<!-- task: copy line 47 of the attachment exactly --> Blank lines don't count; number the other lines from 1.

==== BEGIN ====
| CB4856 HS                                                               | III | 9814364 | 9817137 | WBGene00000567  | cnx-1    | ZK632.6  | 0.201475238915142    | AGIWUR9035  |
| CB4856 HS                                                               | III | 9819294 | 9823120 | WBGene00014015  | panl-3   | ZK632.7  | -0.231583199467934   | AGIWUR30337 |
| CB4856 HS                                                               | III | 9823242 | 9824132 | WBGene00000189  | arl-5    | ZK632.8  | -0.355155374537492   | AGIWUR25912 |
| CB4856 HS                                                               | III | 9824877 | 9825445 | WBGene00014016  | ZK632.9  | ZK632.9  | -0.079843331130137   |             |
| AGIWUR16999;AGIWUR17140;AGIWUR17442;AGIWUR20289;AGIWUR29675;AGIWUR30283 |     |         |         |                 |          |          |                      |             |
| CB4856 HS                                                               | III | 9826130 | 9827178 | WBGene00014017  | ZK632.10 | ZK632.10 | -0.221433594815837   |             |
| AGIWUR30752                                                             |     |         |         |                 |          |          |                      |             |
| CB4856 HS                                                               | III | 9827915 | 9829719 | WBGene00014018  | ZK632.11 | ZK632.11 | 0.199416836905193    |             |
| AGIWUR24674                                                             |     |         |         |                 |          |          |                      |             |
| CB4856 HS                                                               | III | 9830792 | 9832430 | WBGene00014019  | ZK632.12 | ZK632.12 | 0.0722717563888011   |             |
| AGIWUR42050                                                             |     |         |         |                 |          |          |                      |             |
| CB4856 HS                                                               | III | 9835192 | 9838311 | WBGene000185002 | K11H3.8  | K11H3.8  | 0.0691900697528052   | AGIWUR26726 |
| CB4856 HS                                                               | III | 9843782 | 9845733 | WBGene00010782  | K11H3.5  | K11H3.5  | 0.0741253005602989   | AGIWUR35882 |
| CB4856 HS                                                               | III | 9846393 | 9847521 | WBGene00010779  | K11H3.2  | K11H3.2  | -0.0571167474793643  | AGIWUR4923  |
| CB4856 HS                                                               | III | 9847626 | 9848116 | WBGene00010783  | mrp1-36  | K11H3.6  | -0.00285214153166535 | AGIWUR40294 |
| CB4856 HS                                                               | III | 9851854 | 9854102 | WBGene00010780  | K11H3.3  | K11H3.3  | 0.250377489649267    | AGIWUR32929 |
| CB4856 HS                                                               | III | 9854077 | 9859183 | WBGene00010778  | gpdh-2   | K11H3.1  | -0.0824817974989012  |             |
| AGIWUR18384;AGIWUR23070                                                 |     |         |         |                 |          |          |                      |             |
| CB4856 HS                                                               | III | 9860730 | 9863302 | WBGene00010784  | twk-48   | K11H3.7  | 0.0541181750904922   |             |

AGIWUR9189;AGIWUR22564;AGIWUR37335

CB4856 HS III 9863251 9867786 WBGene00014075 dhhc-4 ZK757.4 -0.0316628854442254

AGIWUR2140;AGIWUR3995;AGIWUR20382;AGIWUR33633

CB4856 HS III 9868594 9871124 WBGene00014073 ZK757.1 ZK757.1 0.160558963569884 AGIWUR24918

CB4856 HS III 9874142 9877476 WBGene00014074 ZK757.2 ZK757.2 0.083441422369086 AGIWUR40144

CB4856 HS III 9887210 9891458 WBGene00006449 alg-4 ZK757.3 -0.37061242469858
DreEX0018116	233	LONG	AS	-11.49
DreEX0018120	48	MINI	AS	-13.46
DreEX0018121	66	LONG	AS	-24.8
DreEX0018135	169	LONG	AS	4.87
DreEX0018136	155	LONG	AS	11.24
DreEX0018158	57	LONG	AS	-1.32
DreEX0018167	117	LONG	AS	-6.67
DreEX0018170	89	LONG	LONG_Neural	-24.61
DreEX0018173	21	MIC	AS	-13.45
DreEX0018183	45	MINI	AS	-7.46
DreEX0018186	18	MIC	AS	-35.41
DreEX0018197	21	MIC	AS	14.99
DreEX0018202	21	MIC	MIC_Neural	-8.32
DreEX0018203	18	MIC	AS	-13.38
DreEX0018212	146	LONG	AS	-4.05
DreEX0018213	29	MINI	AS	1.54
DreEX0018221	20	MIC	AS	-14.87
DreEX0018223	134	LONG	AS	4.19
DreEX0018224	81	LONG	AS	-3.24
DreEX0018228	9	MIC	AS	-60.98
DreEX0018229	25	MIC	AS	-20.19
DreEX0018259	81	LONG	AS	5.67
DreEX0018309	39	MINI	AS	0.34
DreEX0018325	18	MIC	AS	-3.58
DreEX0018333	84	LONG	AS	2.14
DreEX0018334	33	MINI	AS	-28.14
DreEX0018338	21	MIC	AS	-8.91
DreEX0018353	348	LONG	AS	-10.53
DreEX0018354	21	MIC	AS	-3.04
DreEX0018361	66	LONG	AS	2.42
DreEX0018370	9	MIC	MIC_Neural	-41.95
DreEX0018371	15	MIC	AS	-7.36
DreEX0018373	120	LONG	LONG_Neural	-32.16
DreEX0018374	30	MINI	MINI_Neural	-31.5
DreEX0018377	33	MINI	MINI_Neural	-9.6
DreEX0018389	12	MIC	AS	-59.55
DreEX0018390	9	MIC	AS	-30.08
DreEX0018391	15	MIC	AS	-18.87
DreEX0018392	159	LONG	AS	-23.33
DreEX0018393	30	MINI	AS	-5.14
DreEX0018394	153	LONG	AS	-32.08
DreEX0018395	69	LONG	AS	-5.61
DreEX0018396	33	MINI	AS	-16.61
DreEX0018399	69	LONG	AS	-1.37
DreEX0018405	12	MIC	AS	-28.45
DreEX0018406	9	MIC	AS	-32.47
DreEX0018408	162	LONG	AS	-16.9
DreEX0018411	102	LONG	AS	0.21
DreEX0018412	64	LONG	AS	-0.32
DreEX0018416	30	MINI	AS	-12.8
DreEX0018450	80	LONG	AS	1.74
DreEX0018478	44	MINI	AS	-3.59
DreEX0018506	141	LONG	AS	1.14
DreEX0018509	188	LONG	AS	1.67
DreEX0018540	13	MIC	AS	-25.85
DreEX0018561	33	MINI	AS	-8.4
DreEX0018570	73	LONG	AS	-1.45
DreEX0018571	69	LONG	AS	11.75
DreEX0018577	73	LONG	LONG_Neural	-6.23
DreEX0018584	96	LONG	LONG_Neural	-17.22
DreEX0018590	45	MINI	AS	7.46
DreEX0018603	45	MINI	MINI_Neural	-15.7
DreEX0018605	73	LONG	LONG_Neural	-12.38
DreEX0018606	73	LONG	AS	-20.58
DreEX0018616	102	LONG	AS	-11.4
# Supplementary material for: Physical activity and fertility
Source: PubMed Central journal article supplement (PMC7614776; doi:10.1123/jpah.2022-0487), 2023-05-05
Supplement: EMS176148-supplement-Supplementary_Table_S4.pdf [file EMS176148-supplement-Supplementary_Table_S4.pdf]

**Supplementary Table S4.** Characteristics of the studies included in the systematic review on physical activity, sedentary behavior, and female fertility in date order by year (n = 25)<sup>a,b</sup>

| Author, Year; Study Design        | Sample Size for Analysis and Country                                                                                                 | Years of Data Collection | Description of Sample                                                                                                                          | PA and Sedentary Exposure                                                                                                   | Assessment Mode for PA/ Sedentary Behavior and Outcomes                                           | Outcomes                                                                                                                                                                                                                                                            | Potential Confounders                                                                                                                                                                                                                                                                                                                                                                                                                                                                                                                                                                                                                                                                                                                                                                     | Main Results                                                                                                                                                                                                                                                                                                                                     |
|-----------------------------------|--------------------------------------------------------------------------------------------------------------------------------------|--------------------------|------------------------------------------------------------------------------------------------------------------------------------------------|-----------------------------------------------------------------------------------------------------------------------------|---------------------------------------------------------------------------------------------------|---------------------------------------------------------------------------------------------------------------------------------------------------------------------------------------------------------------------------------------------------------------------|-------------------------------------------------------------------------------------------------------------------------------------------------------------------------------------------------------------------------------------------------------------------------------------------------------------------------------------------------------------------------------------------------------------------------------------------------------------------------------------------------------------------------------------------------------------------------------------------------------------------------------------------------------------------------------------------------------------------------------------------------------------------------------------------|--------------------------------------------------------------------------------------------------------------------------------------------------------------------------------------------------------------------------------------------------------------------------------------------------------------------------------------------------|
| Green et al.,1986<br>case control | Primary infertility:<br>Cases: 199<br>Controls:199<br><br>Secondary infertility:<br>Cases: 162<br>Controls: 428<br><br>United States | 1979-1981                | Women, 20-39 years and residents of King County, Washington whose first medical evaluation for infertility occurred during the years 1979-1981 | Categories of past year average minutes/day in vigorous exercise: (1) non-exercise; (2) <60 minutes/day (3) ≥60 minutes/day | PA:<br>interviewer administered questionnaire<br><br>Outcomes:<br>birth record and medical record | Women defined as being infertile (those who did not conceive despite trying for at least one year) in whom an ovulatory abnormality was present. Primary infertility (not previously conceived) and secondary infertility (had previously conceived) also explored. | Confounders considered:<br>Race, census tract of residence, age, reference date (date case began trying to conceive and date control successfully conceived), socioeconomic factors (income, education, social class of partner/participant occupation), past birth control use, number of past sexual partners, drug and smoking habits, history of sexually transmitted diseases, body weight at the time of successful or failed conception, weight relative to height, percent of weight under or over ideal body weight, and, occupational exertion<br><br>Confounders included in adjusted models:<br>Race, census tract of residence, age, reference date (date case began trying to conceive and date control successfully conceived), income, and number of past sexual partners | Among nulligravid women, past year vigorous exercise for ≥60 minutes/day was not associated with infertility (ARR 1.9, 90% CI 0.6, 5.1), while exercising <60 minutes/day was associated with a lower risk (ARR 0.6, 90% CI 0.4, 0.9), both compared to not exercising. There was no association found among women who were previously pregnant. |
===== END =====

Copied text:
DreEX0018259	81	LONG	AS	5.67